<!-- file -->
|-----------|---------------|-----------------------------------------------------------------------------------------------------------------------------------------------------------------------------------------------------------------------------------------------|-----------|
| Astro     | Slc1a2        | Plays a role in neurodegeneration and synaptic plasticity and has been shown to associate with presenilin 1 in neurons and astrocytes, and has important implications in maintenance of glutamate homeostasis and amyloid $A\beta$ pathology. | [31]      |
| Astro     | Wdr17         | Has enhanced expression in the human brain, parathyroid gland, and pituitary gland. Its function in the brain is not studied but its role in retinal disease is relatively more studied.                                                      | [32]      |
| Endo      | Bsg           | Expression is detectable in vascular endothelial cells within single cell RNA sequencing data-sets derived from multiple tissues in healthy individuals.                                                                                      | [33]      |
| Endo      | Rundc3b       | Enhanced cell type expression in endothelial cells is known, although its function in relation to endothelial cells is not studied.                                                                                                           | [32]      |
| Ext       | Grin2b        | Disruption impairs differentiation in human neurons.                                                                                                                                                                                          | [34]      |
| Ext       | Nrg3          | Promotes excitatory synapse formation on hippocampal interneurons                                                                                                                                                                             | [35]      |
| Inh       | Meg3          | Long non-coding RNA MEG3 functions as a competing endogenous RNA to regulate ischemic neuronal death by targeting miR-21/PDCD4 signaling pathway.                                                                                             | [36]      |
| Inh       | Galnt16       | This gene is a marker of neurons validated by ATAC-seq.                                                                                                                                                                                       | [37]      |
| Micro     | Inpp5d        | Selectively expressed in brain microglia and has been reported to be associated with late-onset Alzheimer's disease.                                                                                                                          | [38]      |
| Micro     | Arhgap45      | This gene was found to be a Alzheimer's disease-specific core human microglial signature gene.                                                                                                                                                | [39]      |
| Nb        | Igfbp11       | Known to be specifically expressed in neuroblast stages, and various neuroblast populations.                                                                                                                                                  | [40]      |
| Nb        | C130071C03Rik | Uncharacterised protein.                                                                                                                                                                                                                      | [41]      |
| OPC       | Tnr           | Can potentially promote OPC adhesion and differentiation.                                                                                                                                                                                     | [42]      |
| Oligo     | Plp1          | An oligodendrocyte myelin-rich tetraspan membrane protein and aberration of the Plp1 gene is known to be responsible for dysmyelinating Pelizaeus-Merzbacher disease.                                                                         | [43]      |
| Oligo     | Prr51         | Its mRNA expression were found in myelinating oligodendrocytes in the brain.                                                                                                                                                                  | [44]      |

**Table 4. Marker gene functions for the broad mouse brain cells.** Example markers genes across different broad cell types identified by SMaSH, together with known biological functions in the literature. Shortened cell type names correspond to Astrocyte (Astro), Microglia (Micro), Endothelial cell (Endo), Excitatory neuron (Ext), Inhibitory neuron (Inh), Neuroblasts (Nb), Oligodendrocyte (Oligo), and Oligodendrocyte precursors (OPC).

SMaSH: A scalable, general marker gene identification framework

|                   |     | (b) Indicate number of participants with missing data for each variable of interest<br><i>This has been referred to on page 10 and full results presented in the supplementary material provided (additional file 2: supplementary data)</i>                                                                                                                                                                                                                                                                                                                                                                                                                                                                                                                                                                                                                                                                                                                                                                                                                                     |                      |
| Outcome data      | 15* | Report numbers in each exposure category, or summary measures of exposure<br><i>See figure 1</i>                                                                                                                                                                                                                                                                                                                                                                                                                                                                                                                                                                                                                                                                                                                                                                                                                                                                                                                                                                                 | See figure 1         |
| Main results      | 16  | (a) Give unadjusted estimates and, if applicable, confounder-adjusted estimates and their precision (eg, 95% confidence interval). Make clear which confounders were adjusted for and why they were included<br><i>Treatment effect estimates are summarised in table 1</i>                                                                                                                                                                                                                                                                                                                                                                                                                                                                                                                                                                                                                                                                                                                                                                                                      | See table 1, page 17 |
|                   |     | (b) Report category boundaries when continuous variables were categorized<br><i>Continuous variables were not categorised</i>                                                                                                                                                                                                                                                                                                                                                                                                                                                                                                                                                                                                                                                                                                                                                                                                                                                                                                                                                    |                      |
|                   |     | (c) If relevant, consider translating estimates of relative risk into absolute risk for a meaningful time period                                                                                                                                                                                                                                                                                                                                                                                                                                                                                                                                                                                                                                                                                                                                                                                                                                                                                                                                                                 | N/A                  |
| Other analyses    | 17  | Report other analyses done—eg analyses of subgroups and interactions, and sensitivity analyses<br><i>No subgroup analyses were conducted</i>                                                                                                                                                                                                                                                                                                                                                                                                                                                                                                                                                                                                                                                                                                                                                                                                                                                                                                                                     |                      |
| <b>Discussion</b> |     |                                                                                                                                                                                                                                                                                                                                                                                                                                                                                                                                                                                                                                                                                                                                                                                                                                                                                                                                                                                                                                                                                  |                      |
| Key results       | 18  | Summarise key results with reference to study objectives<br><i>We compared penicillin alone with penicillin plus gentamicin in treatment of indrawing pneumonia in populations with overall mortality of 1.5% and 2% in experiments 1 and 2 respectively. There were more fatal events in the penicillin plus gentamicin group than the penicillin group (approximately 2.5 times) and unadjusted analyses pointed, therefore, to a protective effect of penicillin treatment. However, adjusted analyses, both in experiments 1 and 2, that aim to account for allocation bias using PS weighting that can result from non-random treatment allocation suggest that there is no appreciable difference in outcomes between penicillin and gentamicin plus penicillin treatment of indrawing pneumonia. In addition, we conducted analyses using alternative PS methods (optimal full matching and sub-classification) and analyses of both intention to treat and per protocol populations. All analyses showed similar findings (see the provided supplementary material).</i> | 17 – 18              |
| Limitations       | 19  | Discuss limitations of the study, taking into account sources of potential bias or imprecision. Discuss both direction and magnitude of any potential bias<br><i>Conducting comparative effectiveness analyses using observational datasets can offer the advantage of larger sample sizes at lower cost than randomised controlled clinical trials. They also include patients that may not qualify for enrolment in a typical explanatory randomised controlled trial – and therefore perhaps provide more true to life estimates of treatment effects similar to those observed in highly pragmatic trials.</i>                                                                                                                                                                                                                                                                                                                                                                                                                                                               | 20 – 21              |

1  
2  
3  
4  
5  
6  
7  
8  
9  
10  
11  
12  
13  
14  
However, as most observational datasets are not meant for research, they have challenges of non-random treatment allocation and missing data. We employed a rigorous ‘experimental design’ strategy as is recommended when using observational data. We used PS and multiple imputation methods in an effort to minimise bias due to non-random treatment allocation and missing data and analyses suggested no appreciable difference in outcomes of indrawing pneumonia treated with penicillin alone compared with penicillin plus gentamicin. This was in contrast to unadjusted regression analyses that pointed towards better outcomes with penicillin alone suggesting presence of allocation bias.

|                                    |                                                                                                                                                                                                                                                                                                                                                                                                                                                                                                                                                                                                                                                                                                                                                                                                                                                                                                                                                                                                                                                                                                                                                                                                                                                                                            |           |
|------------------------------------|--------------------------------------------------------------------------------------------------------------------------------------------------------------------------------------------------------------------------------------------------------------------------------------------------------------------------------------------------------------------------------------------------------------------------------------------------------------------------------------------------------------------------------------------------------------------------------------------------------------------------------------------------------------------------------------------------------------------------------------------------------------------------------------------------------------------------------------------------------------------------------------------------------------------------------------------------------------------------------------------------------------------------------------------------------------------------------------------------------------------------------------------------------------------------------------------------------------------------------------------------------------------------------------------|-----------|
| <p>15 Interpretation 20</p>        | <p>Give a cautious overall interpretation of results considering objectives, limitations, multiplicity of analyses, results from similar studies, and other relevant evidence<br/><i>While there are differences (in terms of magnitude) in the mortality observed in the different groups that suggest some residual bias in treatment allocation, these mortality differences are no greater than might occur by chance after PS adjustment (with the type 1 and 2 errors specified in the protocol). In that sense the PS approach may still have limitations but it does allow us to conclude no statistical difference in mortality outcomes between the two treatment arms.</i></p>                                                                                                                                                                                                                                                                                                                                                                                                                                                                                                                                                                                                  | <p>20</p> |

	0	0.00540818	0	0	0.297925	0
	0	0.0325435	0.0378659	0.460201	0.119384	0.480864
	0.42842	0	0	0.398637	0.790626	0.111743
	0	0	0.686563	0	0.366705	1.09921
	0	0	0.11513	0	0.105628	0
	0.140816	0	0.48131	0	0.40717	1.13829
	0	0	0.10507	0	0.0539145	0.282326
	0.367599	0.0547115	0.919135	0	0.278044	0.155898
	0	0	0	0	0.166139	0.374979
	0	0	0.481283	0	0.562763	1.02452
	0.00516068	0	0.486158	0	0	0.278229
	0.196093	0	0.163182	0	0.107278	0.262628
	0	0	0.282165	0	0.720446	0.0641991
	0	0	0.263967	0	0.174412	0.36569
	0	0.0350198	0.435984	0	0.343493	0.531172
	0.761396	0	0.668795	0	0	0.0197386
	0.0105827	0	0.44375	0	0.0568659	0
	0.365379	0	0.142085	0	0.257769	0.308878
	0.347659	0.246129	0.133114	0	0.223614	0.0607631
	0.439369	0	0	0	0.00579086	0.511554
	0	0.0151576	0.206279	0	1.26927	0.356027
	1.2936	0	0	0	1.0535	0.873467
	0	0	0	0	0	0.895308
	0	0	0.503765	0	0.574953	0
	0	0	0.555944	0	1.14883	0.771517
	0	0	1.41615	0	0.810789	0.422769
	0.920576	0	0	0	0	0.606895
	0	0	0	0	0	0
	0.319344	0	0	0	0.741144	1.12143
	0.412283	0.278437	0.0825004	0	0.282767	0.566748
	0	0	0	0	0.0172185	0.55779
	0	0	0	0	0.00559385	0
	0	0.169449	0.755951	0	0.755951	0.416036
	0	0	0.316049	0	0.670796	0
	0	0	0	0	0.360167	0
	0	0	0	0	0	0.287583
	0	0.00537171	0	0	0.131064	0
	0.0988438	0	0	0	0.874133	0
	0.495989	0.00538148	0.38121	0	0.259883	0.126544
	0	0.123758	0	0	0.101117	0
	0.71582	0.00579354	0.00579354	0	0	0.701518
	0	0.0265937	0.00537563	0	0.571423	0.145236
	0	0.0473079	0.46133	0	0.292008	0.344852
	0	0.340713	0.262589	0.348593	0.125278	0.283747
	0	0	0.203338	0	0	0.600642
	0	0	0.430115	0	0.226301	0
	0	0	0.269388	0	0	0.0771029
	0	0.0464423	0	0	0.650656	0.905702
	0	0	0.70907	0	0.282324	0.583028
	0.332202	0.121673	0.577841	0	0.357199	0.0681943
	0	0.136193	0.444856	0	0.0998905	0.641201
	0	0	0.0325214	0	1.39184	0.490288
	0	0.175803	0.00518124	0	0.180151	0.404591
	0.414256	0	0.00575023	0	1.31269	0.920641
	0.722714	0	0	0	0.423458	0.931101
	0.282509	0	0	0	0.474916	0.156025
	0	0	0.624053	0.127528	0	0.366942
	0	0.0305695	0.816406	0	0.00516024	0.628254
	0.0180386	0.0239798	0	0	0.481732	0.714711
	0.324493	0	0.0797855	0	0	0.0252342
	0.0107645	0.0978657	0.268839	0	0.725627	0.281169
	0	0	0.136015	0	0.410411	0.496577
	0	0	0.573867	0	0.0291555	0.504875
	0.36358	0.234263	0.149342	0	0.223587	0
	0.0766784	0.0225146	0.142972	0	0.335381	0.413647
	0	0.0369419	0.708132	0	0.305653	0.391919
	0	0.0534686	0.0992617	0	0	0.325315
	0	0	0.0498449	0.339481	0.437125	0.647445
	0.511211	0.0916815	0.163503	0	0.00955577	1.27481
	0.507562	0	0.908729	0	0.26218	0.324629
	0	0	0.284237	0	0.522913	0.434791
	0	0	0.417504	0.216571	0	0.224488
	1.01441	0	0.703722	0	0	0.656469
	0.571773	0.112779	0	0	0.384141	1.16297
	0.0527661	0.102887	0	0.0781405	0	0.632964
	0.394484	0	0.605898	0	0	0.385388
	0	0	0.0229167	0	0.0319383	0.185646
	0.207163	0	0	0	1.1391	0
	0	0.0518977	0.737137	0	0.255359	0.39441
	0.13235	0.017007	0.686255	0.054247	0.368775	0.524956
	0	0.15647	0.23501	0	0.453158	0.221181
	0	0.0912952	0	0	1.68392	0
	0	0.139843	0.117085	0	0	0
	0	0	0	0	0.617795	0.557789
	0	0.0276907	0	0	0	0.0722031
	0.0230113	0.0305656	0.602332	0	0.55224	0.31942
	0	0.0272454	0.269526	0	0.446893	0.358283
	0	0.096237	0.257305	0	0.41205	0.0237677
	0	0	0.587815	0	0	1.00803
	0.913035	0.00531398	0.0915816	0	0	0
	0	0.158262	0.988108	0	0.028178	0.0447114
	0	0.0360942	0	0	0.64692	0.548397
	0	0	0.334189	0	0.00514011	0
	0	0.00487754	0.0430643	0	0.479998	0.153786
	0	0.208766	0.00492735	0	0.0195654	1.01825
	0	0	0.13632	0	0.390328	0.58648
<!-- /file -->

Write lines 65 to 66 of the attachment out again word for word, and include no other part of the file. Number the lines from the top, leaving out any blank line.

	0.439369	0	0	0	0.00579086	0.511554
	0	0.0151576	0.206279	0	1.26927	0.356027